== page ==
A flourishing paddy crop in 200 grow bags has turned the terrace garden of a government employee in Manguluru into an attraction. Krishnappa Gowda Paddambail, who works at the Government College of Teacher Education here, has been cultivating 30-50 kilos of paddy on the roof of his home in the Maroli area for five years. He does not sell his produce.
Childhood memories of paddy cultivation at his family’s ancestral farmland near Sullia, and the memory of waiting for hours at a place of worship to procure stalks of paddy for a ritual, made him plant paddy in ten grow bags in 2014. The number of bags increased as his home-made bio-manure gave him bountiful harvests, free from paddy blast fungus and other diseases.
Unlike traditional cultivation, Mr. Paddambail uses water minimally, and his bags of soil mixture, sand and cow dung last four years with careful maintenance. He turns coconut husk into hanging planters. After de-husking, he fills soil and ties up the husk to hang it around the house.
The 120-day paddy cultivation cycle begins in April-May and he grows only one crop, distributing the harvest among friends and relatives. He then uses the same bags to grow radish, a three-month crop. “Last year, I harvested 10 kilos of radish,” Mr. Paddambail says. He also grows fruits, vegetables and turmeric on his 1,200 sq. ft. terrace. Last year, he got eight kilos of turmeric.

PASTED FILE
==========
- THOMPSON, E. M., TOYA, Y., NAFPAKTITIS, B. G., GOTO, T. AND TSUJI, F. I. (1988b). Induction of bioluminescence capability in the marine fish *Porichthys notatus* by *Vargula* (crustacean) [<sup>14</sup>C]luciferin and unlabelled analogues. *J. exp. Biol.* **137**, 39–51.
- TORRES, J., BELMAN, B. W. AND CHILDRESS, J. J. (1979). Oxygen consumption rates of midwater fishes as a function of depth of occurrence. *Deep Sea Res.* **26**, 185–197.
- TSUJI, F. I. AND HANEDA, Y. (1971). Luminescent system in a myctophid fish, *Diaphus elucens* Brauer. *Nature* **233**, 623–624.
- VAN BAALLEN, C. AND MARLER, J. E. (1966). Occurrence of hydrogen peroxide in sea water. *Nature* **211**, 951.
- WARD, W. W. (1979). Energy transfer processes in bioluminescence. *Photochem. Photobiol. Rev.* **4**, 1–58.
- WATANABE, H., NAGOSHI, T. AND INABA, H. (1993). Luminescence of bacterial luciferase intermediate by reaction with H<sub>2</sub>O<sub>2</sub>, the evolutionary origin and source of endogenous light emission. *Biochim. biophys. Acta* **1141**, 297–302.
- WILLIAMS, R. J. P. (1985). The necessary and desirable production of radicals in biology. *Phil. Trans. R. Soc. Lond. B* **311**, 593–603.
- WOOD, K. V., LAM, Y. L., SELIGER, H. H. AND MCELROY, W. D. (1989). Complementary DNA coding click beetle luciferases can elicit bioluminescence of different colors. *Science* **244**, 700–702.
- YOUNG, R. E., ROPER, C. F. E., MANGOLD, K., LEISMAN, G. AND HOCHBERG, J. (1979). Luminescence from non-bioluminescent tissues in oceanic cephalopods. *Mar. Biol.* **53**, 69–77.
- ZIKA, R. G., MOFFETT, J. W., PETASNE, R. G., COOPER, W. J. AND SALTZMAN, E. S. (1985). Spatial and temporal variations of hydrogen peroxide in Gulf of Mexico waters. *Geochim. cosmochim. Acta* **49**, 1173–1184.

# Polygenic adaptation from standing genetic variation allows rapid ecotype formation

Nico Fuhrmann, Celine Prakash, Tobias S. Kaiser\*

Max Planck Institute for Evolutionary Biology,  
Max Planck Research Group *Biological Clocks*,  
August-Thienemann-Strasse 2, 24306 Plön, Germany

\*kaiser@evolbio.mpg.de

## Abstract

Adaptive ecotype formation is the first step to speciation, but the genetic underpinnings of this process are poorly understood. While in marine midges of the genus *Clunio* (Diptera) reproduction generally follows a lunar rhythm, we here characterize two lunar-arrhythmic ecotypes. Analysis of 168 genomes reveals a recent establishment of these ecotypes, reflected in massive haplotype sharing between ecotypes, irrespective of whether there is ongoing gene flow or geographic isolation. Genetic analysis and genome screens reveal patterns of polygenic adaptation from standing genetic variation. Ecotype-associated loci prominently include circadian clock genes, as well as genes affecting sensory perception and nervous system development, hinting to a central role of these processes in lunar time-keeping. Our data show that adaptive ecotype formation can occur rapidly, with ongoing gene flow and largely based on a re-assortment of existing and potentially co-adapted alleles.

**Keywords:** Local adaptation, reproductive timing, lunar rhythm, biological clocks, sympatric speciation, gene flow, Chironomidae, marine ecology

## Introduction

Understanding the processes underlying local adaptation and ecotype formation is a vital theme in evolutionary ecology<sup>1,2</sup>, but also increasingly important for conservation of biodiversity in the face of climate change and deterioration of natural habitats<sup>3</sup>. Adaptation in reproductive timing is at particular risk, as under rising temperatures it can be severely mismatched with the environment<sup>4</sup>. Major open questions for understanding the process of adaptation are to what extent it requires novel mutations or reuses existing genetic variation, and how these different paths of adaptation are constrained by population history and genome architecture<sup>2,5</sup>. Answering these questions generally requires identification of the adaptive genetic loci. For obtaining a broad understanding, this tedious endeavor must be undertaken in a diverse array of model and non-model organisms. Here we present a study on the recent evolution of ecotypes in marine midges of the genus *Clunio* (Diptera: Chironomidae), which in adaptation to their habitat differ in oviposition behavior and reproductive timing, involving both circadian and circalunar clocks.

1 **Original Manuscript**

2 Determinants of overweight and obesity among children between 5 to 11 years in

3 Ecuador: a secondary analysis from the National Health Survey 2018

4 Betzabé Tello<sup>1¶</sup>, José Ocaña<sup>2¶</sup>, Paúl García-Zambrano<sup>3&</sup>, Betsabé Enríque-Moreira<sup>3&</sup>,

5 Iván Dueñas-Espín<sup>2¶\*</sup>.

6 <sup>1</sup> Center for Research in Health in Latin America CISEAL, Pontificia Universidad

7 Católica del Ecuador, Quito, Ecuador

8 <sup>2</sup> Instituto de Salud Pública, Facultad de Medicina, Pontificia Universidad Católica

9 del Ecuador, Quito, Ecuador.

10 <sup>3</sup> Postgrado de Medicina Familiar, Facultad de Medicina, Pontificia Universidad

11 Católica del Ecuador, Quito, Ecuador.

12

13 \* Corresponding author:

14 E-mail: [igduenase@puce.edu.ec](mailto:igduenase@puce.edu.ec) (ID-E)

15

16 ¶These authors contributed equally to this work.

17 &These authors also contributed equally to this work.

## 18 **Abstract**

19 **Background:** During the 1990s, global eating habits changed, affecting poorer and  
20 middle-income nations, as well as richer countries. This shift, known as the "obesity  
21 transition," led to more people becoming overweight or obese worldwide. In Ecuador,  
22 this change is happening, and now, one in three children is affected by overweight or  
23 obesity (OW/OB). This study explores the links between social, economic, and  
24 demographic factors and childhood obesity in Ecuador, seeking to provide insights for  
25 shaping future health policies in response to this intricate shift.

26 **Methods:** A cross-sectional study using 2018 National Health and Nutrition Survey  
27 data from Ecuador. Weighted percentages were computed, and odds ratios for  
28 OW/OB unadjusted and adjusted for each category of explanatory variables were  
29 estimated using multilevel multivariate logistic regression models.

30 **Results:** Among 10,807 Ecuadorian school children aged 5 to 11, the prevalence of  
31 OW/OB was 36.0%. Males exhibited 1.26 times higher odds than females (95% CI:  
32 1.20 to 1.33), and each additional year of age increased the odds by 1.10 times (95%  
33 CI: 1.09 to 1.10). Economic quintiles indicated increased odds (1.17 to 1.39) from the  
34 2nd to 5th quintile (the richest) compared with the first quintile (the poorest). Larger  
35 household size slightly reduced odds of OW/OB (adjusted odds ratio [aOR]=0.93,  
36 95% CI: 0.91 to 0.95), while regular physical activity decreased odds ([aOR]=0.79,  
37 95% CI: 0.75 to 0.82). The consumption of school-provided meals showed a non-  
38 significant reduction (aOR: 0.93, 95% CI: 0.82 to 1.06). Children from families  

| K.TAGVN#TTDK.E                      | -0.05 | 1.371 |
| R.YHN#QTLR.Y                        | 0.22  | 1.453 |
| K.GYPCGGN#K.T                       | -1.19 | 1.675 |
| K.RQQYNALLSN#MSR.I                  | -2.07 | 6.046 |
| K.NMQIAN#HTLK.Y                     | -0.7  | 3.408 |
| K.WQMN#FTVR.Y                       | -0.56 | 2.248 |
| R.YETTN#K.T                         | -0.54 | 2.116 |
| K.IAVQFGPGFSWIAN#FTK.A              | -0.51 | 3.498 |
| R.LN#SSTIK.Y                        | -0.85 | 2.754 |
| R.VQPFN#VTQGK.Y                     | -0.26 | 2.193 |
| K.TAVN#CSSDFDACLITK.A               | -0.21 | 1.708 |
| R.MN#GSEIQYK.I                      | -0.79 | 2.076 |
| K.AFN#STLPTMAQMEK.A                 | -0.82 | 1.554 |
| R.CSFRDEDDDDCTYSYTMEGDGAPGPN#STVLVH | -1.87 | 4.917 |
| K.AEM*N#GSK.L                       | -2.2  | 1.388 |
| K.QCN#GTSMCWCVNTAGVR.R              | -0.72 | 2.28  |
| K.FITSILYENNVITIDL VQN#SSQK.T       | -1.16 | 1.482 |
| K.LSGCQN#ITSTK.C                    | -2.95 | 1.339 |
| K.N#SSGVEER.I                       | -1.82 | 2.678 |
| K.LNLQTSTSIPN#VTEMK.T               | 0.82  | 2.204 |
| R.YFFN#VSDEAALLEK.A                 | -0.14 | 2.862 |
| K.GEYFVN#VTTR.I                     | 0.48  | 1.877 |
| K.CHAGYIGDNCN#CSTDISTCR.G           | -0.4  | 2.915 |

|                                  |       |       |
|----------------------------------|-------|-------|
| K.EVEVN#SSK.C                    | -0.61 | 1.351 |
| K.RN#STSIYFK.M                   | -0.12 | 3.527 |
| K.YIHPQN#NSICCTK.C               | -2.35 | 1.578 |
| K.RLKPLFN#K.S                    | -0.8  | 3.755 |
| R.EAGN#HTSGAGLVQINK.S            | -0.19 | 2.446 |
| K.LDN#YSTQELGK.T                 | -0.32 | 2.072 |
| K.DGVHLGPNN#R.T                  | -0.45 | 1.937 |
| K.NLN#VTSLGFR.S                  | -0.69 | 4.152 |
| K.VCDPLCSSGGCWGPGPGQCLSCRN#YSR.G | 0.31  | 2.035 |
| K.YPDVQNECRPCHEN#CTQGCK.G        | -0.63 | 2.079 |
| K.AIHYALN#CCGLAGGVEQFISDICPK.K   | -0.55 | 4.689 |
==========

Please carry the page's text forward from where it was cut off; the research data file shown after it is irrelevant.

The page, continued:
The urban farmer has three grow bags of sugarcane, which he has stopped purchasing for the Ganesha festival. The garden provides drumstick, yam and guavas, too.
Mr. Paddambail’s garden boasts a pomegranate tree, although the coastal region is a non-traditional area for the fruit. The yield is low. “I have been getting five or six fruits for three years. Unlike pomegranates of the dry belts in central and north Karnataka, its taste is very sour. But it makes a good juice,” he says.